It is true, world leaders routinely come to the UNGA with sparingly little of interest to say and instead opt for laudatory statements about their country and its contributions to civilization. This is why—with perhaps the exceptions of the late Hugo Chavez’s antics and Mahmoud Ahmedinejad’s rants—the official proceedings at the UN are generally snoozers. Why should Sisi’s speech be any different? No one expects him to show up in New York and say, “I’ve made a hash of things, Egypt is in bad shape, folks.” Yet the optimistic messaging has been going on for months and in a particular way that indicates Egyptians need convincing of what they themselves are saying. Taken together, the relentless “ICYMI” emails from the Egyptian embassy alerting everyone and anyone about some nugget of ostensibly great news about Egypt, the mindless declarations of officialdom about “protecting the revolution,” the way the country’s elites have become adept at disregarding Egypt’s actual circumstances in favor of what can only be described as happy talk, and the ferocious response to anyone who challenges this narrative suggests a vulnerability and contradiction to the political project underway in Egypt during the last year. Egyptians and others who use the term “coup d’état” are at risk of being labeled supporters of the Muslim Brotherhood and terrorism. President Sisi, his advisors, and supporters—of which there are many—prefer the much sunnier, if somewhat Orwellian “revolution fulfilling the will of the people” to describe the military intervention on July 3, 2013.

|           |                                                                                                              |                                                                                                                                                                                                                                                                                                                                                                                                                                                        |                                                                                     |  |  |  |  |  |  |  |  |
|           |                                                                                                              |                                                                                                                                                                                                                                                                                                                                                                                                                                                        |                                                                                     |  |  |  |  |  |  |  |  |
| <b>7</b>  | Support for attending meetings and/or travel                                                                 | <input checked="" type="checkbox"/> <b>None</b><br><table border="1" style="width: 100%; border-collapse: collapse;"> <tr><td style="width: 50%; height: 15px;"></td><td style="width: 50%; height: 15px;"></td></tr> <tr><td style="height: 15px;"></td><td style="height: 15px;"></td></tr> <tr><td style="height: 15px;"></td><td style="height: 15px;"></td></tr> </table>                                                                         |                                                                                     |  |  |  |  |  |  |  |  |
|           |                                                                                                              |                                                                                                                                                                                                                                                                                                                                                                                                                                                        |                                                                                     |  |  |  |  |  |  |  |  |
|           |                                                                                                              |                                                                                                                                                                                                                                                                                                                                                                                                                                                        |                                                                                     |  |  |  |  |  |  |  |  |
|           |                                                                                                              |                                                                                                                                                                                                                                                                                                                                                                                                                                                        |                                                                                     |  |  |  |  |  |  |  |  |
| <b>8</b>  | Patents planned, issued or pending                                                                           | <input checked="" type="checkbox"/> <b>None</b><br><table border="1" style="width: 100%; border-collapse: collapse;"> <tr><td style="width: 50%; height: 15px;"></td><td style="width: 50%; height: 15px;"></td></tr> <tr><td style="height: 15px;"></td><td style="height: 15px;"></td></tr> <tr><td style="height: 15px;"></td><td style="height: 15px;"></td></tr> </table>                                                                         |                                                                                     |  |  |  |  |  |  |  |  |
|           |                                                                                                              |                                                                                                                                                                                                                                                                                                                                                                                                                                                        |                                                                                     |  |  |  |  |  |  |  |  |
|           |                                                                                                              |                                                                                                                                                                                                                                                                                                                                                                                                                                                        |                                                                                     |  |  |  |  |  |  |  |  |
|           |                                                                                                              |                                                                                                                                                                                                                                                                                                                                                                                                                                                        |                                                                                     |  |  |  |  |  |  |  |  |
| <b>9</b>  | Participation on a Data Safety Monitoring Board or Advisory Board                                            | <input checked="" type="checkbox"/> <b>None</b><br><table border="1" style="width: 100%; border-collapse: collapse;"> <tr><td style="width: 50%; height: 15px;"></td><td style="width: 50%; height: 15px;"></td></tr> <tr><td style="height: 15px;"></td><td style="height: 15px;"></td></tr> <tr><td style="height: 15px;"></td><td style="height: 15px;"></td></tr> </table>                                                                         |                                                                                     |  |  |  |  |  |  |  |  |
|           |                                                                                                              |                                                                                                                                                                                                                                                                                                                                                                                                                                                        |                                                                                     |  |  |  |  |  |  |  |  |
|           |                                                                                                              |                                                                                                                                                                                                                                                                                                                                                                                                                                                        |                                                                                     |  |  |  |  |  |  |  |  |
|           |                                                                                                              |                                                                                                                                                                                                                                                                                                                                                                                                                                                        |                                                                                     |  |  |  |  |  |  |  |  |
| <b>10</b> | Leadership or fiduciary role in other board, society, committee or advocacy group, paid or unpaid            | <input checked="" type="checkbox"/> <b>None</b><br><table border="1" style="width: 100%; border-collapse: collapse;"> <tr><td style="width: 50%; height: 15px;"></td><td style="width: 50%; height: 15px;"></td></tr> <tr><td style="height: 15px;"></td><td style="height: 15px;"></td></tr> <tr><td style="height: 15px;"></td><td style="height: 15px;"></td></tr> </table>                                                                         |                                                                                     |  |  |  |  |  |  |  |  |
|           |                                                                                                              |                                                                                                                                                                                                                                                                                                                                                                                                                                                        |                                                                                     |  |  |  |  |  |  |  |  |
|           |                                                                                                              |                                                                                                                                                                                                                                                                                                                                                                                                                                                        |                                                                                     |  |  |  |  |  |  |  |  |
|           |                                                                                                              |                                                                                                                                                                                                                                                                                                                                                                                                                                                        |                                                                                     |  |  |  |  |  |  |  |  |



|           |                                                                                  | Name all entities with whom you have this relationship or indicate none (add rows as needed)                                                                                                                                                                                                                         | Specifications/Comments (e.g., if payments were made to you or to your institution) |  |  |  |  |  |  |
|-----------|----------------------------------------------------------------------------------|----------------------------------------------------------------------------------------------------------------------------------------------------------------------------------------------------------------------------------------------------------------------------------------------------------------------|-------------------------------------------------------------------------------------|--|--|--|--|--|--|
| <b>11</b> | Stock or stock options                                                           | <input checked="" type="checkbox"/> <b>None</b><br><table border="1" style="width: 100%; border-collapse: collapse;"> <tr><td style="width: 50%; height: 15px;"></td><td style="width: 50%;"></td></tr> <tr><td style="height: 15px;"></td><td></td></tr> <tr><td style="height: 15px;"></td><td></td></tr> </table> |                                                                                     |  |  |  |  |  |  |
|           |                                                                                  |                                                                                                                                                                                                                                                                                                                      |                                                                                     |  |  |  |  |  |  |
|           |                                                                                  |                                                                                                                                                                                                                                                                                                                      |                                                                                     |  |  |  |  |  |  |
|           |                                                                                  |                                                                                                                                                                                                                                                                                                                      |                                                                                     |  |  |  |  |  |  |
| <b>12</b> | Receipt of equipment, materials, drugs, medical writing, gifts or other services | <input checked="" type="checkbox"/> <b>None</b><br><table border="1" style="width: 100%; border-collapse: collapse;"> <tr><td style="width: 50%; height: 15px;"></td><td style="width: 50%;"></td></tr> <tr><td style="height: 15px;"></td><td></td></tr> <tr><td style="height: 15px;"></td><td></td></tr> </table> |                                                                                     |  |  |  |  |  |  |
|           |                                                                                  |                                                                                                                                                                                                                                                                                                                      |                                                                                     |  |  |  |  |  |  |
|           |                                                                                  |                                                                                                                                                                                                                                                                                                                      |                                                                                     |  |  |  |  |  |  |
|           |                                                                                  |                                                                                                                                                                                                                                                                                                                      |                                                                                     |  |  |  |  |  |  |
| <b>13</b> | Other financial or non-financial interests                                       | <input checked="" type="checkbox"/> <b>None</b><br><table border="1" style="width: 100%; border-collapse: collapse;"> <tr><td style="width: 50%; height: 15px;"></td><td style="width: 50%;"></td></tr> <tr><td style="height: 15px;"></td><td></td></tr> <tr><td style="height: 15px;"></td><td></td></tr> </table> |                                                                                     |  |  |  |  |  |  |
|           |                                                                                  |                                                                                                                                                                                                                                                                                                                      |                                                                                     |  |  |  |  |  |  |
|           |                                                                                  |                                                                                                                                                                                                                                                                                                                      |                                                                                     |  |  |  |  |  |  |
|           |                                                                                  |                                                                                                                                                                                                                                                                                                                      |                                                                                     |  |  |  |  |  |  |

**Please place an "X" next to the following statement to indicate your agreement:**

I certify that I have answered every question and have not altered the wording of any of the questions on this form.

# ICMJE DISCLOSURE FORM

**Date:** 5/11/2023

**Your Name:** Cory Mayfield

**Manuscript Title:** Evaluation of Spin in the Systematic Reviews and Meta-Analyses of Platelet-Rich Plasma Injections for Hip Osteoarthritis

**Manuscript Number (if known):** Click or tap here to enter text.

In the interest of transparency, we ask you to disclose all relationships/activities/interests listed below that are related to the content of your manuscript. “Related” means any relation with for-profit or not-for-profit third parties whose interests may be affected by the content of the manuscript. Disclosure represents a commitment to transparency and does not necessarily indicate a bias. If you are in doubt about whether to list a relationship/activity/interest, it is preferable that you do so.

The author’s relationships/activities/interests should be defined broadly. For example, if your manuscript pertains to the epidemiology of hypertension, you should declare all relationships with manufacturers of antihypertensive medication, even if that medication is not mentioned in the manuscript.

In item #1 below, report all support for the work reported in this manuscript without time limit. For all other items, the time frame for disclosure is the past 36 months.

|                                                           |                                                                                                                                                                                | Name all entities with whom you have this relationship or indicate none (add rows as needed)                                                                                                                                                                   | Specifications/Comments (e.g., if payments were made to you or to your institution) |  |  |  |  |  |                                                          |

There is a saying in American politics that if you tell a lie often enough it becomes the truth. The belief that the Affordable Care Act includes “death panels” is the paradigmatic case of this phenomenon. Yet in order for this kind of tactic to work, it seems that you need enough people who are pre-disposed to believe it. How many people believe that Tibet is and always was an integral part of China? Not enough because the Chinese government has to constantly say it. If ever there was a clear indication that Algeria would never be a départment (or départments) of France, it was the French government’s declarations in the mid-1950s that Algeria was an integral part of France. In the same way, Sisi doth protest too much about Egypt’s great progress, though it may not matter very much given his sky high approval ratings in at least one recent poll.